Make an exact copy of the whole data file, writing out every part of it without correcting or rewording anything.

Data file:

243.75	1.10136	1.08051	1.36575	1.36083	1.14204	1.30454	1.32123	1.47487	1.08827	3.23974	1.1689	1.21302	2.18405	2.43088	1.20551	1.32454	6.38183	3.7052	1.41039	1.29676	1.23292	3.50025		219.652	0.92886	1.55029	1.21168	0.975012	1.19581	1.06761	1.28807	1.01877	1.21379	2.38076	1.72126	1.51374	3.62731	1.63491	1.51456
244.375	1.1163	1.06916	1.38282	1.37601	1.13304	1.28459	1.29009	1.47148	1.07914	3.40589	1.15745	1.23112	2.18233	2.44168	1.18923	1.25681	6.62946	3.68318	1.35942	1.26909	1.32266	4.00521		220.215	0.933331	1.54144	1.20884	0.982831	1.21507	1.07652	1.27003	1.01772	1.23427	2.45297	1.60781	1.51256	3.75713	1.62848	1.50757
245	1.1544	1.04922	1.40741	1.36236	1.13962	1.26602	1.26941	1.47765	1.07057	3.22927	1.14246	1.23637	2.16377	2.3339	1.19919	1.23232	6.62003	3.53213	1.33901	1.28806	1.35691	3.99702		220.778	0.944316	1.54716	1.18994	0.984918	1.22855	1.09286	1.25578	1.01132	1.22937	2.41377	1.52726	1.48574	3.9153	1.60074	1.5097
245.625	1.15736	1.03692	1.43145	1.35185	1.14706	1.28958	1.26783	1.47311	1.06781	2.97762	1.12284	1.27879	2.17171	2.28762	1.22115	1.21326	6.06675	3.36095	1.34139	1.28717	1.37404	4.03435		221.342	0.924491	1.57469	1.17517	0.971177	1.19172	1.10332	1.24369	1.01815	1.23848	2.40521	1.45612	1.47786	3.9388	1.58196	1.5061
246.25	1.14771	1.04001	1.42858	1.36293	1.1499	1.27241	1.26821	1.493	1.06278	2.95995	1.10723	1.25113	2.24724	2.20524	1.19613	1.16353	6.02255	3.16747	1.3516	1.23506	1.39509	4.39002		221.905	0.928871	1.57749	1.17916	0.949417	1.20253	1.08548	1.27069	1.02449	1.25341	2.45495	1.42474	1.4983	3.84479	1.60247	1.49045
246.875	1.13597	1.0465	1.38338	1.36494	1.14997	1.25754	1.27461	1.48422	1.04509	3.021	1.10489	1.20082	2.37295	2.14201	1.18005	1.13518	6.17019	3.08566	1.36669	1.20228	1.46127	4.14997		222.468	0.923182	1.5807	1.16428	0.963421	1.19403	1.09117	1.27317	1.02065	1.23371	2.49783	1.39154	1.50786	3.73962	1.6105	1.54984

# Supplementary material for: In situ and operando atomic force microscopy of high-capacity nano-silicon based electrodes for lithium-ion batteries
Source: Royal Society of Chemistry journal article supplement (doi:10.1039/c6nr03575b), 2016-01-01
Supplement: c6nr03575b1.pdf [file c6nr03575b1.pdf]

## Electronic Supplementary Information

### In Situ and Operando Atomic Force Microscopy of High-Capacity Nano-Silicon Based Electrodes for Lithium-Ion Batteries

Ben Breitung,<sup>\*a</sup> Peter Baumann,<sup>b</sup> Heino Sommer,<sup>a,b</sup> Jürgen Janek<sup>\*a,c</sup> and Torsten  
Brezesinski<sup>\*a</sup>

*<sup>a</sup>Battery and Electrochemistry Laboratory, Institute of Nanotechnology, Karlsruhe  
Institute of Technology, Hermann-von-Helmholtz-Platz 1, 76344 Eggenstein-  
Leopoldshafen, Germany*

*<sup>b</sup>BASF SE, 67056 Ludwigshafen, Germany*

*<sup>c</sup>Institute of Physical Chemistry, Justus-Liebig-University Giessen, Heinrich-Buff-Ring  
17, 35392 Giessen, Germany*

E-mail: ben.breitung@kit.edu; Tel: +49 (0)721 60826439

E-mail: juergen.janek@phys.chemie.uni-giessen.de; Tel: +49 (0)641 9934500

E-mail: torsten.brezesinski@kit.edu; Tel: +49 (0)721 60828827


243.75	1.10136	1.08051	1.36575	1.36083	1.14204	1.30454	1.32123	1.47487	1.08827	3.23974	1.1689	1.21302	2.18405	2.43088	1.20551	1.32454	6.38183	3.7052	1.41039	1.29676	1.23292	3.50025		219.652	0.92886	1.55029	1.21168	0.975012	1.19581	1.06761	1.28807	1.01877	1.21379	2.38076	1.72126	1.51374	3.62731	1.63491	1.51456
244.375	1.1163	1.06916	1.38282	1.37601	1.13304	1.28459	1.29009	1.47148	1.07914	3.40589	1.15745	1.23112	2.18233	2.44168	1.18923	1.25681	6.62946	3.68318	1.35942	1.26909	1.32266	4.00521		220.215	0.933331	1.54144	1.20884	0.982831	1.21507	1.07652	1.27003	1.01772	1.23427	2.45297	1.60781	1.51256	3.75713	1.62848	1.50757
245	1.1544	1.04922	1.40741	1.36236	1.13962	1.26602	1.26941	1.47765	1.07057	3.22927	1.14246	1.23637	2.16377	2.3339	1.19919	1.23232	6.62003	3.53213	1.33901	1.28806	1.35691	3.99702		220.778	0.944316	1.54716	1.18994	0.984918	1.22855	1.09286	1.25578	1.01132	1.22937	2.41377	1.52726	1.48574	3.9153	1.60074	1.5097
245.625	1.15736	1.03692	1.43145	1.35185	1.14706	1.28958	1.26783	1.47311	1.06781	2.97762	1.12284	1.27879	2.17171	2.28762	1.22115	1.21326	6.06675	3.36095	1.34139	1.28717	1.37404	4.03435		221.342	0.924491	1.57469	1.17517	0.971177	1.19172	1.10332	1.24369	1.01815	1.23848	2.40521	1.45612	1.47786	3.9388	1.58196	1.5061
246.25	1.14771	1.04001	1.42858	1.36293	1.1499	1.27241	1.26821	1.493	1.06278	2.95995	1.10723	1.25113	2.24724	2.20524	1.19613	1.16353	6.02255	3.16747	1.3516	1.23506	1.39509	4.39002		221.905	0.928871	1.57749	1.17916	0.949417	1.20253	1.08548	1.27069	1.02449	1.25341	2.45495	1.42474	1.4983	3.84479	1.60247	1.49045
246.875	1.13597	1.0465	1.38338	1.36494	1.14997	1.25754	1.27461	1.48422	1.04509	3.021	1.10489	1.20082	2.37295	2.14201	1.18005	1.13518	6.17019	3.08566	1.36669	1.20228	1.46127	4.14997		222.468	0.923182	1.5807	1.16428	0.963421	1.19403	1.09117	1.27317	1.02065	1.23371	2.49783	1.39154	1.50786	3.73962	1.6105	1.54984

# Supplementary material for: In situ and operando atomic force microscopy of high-capacity nano-silicon based electrodes for lithium-ion batteries
Source: Royal Society of Chemistry journal article supplement (doi:10.1039/c6nr03575b), 2016-01-01
Supplement: c6nr03575b1.pdf [file c6nr03575b1.pdf]

## Electronic Supplementary Information

### In Situ and Operando Atomic Force Microscopy of High-Capacity Nano-Silicon Based Electrodes for Lithium-Ion Batteries

Ben Breitung,<sup>\*a</sup> Peter Baumann,<sup>b</sup> Heino Sommer,<sup>a,b</sup> Jürgen Janek<sup>\*a,c</sup> and Torsten  
Brezesinski<sup>\*a</sup>

*<sup>a</sup>Battery and Electrochemistry Laboratory, Institute of Nanotechnology, Karlsruhe  
Institute of Technology, Hermann-von-Helmholtz-Platz 1, 76344 Eggenstein-  
Leopoldshafen, Germany*

*<sup>b</sup>BASF SE, 67056 Ludwigshafen, Germany*

*<sup>c</sup>Institute of Physical Chemistry, Justus-Liebig-University Giessen, Heinrich-Buff-Ring  
17, 35392 Giessen, Germany*

E-mail: ben.breitung@kit.edu; Tel: +49 (0)721 60826439

E-mail: juergen.janek@phys.chemie.uni-giessen.de; Tel: +49 (0)641 9934500

E-mail: torsten.brezesinski@kit.edu; Tel: +49 (0)721 60828827